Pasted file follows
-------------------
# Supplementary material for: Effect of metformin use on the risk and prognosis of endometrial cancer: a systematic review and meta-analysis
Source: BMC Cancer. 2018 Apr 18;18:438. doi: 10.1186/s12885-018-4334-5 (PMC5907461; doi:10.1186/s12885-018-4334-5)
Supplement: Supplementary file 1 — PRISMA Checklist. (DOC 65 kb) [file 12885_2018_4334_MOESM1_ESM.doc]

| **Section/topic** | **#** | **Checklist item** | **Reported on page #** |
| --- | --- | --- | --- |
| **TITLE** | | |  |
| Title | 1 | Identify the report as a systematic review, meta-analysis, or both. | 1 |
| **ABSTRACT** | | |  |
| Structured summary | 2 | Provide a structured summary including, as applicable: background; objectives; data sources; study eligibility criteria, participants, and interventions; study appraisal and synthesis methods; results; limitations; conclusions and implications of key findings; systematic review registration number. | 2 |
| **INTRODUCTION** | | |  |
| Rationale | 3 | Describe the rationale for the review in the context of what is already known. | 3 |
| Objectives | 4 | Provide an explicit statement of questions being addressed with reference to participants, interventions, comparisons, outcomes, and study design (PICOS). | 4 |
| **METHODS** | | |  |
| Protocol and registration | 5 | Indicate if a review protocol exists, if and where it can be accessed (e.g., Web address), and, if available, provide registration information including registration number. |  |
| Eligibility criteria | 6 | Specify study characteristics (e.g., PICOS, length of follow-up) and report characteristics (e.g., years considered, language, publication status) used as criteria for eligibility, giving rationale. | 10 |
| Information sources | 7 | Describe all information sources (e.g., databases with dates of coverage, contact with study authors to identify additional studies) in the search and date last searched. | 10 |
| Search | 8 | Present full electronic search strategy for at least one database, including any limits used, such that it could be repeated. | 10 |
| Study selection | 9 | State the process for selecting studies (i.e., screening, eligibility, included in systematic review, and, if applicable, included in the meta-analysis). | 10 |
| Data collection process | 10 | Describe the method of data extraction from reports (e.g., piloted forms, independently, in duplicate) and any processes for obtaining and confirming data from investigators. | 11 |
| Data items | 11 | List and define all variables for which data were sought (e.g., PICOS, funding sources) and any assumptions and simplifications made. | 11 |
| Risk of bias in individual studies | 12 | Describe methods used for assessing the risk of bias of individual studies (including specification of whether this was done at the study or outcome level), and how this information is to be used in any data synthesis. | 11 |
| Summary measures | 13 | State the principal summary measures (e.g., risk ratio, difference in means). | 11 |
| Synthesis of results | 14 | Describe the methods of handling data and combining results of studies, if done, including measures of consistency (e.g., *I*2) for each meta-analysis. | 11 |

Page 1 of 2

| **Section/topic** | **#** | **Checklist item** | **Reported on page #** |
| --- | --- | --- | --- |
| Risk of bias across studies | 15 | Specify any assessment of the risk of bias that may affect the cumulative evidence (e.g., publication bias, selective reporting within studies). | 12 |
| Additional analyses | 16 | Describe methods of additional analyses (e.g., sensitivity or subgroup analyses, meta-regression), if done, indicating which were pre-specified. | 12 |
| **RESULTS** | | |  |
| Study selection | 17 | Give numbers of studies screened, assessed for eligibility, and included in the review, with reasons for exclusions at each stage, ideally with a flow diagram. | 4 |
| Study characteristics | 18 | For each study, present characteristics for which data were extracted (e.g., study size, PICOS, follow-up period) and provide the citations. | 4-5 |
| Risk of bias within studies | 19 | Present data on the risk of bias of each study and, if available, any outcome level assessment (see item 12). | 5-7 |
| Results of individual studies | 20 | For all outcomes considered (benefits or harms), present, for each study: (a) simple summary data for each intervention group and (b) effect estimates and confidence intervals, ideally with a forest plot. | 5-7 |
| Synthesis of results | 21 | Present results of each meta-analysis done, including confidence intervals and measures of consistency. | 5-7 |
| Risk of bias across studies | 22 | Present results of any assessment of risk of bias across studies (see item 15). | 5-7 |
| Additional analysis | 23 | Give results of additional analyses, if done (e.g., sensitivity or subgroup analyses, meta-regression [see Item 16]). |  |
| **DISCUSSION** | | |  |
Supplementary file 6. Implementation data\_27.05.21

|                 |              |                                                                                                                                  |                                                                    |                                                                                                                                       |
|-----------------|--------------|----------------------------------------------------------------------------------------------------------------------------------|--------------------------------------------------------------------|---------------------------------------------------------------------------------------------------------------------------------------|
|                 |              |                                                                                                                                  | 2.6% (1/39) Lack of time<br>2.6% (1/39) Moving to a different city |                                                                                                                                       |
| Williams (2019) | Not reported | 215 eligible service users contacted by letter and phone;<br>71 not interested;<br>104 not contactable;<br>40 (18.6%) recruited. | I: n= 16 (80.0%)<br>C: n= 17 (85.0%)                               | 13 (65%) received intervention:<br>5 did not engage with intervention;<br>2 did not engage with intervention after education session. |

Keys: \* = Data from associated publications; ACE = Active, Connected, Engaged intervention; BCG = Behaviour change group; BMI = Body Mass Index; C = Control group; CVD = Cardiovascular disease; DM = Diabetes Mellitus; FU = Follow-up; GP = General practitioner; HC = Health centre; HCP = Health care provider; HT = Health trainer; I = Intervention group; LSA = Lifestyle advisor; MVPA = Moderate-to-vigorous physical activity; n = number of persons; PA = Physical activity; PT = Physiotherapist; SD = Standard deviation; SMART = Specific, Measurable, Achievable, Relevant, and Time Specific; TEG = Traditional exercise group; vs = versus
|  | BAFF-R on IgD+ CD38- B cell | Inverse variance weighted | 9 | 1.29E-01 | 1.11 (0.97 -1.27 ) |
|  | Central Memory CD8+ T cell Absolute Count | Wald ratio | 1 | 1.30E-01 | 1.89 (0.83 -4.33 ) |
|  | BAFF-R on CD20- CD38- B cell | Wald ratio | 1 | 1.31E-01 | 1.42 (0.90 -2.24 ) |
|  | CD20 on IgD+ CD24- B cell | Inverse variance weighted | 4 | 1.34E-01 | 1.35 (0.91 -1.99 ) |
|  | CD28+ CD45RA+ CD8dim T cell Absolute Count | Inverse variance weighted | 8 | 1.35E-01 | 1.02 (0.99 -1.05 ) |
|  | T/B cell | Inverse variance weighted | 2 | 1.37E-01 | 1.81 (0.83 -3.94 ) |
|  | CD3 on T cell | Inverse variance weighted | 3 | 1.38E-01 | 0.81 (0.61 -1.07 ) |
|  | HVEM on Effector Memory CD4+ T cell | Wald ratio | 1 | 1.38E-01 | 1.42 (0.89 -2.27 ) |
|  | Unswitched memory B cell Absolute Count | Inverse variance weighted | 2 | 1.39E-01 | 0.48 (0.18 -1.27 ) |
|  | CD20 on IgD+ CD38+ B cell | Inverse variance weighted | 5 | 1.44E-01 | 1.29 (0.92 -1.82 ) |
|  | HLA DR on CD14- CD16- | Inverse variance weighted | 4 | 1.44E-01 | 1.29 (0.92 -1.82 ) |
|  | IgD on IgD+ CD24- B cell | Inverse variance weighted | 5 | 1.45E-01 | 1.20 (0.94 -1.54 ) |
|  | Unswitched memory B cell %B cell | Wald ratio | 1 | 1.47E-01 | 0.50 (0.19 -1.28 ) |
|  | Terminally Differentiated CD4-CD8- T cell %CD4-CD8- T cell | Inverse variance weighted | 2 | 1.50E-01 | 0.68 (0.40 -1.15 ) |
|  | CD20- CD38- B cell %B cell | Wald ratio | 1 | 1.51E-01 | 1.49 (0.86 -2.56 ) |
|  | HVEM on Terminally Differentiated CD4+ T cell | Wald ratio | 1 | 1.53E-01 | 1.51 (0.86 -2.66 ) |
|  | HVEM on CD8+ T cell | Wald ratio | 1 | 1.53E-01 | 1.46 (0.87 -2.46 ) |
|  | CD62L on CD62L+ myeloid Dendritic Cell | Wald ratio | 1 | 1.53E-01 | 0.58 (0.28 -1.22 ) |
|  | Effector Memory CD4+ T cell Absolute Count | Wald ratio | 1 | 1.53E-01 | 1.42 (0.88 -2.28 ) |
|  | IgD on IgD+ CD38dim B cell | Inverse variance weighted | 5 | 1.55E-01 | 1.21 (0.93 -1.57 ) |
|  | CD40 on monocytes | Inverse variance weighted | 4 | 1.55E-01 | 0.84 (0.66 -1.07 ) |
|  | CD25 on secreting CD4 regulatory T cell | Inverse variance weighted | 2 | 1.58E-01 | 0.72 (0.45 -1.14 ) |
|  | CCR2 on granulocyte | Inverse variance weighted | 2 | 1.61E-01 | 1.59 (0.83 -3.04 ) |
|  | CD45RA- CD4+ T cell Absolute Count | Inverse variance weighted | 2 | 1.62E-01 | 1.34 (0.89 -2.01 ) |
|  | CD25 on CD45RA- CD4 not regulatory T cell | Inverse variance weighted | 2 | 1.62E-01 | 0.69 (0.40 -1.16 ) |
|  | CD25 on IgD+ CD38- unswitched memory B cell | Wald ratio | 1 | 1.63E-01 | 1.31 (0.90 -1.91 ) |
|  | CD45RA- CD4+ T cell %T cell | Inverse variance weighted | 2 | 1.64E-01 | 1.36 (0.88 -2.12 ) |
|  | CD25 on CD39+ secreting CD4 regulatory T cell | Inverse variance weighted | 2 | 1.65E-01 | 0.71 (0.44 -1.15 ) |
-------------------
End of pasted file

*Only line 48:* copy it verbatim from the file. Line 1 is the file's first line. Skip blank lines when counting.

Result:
|  | CD28+ CD45RA+ CD8dim T cell Absolute Count | Inverse variance weighted | 8 | 1.35E-01 | 1.02 (0.99 -1.05 ) |